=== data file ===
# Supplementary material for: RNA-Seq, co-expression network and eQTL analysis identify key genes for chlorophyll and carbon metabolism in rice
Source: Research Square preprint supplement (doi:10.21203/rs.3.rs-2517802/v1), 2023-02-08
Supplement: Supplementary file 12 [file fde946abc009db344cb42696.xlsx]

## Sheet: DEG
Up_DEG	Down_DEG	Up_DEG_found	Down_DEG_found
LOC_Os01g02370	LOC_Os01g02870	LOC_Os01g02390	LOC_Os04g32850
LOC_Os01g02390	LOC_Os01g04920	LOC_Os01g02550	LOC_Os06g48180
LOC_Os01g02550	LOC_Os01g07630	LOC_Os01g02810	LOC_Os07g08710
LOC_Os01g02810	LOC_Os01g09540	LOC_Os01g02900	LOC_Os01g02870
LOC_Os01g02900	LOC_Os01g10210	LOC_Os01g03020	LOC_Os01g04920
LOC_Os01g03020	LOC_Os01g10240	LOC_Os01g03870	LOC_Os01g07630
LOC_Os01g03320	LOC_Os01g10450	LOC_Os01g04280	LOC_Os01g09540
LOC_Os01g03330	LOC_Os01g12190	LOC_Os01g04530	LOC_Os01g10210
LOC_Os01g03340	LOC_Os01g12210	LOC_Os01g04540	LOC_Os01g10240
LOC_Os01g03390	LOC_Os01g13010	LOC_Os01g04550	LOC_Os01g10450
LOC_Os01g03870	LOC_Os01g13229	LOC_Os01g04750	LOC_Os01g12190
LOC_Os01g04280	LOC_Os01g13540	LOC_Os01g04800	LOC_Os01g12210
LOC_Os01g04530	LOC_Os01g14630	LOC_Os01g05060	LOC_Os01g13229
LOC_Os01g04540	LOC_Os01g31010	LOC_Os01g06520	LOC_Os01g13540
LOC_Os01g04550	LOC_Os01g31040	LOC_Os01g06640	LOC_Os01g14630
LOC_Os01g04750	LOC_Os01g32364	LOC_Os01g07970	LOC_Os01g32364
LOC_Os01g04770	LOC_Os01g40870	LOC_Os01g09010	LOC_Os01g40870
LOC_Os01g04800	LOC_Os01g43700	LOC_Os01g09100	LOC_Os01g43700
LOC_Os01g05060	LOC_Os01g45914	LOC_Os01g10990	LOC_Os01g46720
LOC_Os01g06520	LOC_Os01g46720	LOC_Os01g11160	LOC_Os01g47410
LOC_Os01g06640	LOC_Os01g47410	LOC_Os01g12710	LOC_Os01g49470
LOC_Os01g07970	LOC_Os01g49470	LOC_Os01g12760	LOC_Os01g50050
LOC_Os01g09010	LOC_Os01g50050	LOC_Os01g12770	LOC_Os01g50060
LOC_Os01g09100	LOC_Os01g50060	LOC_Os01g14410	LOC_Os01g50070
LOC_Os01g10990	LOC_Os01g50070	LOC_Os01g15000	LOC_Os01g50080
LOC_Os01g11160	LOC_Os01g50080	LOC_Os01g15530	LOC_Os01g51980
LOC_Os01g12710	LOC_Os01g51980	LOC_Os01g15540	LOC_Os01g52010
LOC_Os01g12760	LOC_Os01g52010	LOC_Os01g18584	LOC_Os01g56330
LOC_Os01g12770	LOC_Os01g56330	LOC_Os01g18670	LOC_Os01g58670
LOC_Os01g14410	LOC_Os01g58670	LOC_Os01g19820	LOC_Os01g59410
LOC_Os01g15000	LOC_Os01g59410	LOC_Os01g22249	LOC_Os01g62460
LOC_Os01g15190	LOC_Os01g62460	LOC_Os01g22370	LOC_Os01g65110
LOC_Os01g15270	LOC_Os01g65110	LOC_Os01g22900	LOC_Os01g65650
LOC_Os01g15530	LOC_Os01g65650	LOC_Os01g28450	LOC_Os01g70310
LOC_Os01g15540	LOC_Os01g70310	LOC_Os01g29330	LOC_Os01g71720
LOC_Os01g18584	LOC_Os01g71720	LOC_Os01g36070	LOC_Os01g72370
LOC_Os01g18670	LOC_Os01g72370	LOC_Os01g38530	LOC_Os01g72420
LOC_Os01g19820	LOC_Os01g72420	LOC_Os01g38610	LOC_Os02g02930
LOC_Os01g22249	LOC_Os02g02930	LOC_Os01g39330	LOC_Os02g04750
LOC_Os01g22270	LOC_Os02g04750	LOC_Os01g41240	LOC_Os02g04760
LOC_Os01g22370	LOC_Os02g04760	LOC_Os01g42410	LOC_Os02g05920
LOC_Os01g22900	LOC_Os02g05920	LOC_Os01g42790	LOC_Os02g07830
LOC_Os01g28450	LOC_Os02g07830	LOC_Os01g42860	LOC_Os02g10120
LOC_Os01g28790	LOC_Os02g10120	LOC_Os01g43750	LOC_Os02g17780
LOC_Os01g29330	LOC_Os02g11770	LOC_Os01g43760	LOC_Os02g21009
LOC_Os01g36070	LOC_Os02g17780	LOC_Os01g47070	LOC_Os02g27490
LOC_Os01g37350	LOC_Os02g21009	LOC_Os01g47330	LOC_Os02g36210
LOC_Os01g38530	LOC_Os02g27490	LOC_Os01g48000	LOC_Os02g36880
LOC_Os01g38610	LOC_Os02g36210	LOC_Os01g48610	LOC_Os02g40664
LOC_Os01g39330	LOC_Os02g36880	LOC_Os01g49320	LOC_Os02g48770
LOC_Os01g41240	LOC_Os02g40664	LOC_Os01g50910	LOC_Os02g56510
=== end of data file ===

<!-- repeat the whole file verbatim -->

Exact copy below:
# Supplementary material for: RNA-Seq, co-expression network and eQTL analysis identify key genes for chlorophyll and carbon metabolism in rice
Source: Research Square preprint supplement (doi:10.21203/rs.3.rs-2517802/v1), 2023-02-08
Supplement: Supplementary file 12 [file fde946abc009db344cb42696.xlsx]

## Sheet: DEG
Up_DEG	Down_DEG	Up_DEG_found	Down_DEG_found
LOC_Os01g02370	LOC_Os01g02870	LOC_Os01g02390	LOC_Os04g32850
LOC_Os01g02390	LOC_Os01g04920	LOC_Os01g02550	LOC_Os06g48180
LOC_Os01g02550	LOC_Os01g07630	LOC_Os01g02810	LOC_Os07g08710
LOC_Os01g02810	LOC_Os01g09540	LOC_Os01g02900	LOC_Os01g02870
LOC_Os01g02900	LOC_Os01g10210	LOC_Os01g03020	LOC_Os01g04920
LOC_Os01g03020	LOC_Os01g10240	LOC_Os01g03870	LOC_Os01g07630
LOC_Os01g03320	LOC_Os01g10450	LOC_Os01g04280	LOC_Os01g09540
LOC_Os01g03330	LOC_Os01g12190	LOC_Os01g04530	LOC_Os01g10210
LOC_Os01g03340	LOC_Os01g12210	LOC_Os01g04540	LOC_Os01g10240
LOC_Os01g03390	LOC_Os01g13010	LOC_Os01g04550	LOC_Os01g10450
LOC_Os01g03870	LOC_Os01g13229	LOC_Os01g04750	LOC_Os01g12190
LOC_Os01g04280	LOC_Os01g13540	LOC_Os01g04800	LOC_Os01g12210
LOC_Os01g04530	LOC_Os01g14630	LOC_Os01g05060	LOC_Os01g13229
LOC_Os01g04540	LOC_Os01g31010	LOC_Os01g06520	LOC_Os01g13540
LOC_Os01g04550	LOC_Os01g31040	LOC_Os01g06640	LOC_Os01g14630
LOC_Os01g04750	LOC_Os01g32364	LOC_Os01g07970	LOC_Os01g32364
LOC_Os01g04770	LOC_Os01g40870	LOC_Os01g09010	LOC_Os01g40870
LOC_Os01g04800	LOC_Os01g43700	LOC_Os01g09100	LOC_Os01g43700
LOC_Os01g05060	LOC_Os01g45914	LOC_Os01g10990	LOC_Os01g46720
LOC_Os01g06520	LOC_Os01g46720	LOC_Os01g11160	LOC_Os01g47410
LOC_Os01g06640	LOC_Os01g47410	LOC_Os01g12710	LOC_Os01g49470
LOC_Os01g07970	LOC_Os01g49470	LOC_Os01g12760	LOC_Os01g50050
LOC_Os01g09010	LOC_Os01g50050	LOC_Os01g12770	LOC_Os01g50060
LOC_Os01g09100	LOC_Os01g50060	LOC_Os01g14410	LOC_Os01g50070
LOC_Os01g10990	LOC_Os01g50070	LOC_Os01g15000	LOC_Os01g50080
LOC_Os01g11160	LOC_Os01g50080	LOC_Os01g15530	LOC_Os01g51980
LOC_Os01g12710	LOC_Os01g51980	LOC_Os01g15540	LOC_Os01g52010
LOC_Os01g12760	LOC_Os01g52010	LOC_Os01g18584	LOC_Os01g56330
LOC_Os01g12770	LOC_Os01g56330	LOC_Os01g18670	LOC_Os01g58670
LOC_Os01g14410	LOC_Os01g58670	LOC_Os01g19820	LOC_Os01g59410
LOC_Os01g15000	LOC_Os01g59410	LOC_Os01g22249	LOC_Os01g62460
LOC_Os01g15190	LOC_Os01g62460	LOC_Os01g22370	LOC_Os01g65110
LOC_Os01g15270	LOC_Os01g65110	LOC_Os01g22900	LOC_Os01g65650
LOC_Os01g15530	LOC_Os01g65650	LOC_Os01g28450	LOC_Os01g70310
LOC_Os01g15540	LOC_Os01g70310	LOC_Os01g29330	LOC_Os01g71720
LOC_Os01g18584	LOC_Os01g71720	LOC_Os01g36070	LOC_Os01g72370
LOC_Os01g18670	LOC_Os01g72370	LOC_Os01g38530	LOC_Os01g72420
LOC_Os01g19820	LOC_Os01g72420	LOC_Os01g38610	LOC_Os02g02930
LOC_Os01g22249	LOC_Os02g02930	LOC_Os01g39330	LOC_Os02g04750
LOC_Os01g22270	LOC_Os02g04750	LOC_Os01g41240	LOC_Os02g04760
LOC_Os01g22370	LOC_Os02g04760	LOC_Os01g42410	LOC_Os02g05920
LOC_Os01g22900	LOC_Os02g05920	LOC_Os01g42790	LOC_Os02g07830
LOC_Os01g28450	LOC_Os02g07830	LOC_Os01g42860	LOC_Os02g10120
LOC_Os01g28790	LOC_Os02g10120	LOC_Os01g43750	LOC_Os02g17780
LOC_Os01g29330	LOC_Os02g11770	LOC_Os01g43760	LOC_Os02g21009
LOC_Os01g36070	LOC_Os02g17780	LOC_Os01g47070	LOC_Os02g27490
LOC_Os01g37350	LOC_Os02g21009	LOC_Os01g47330	LOC_Os02g36210
LOC_Os01g38530	LOC_Os02g27490	LOC_Os01g48000	LOC_Os02g36880
LOC_Os01g38610	LOC_Os02g36210	LOC_Os01g48610	LOC_Os02g40664
LOC_Os01g39330	LOC_Os02g36880	LOC_Os01g49320	LOC_Os02g48770
LOC_Os01g41240	LOC_Os02g40664	LOC_Os01g50910	LOC_Os02g56510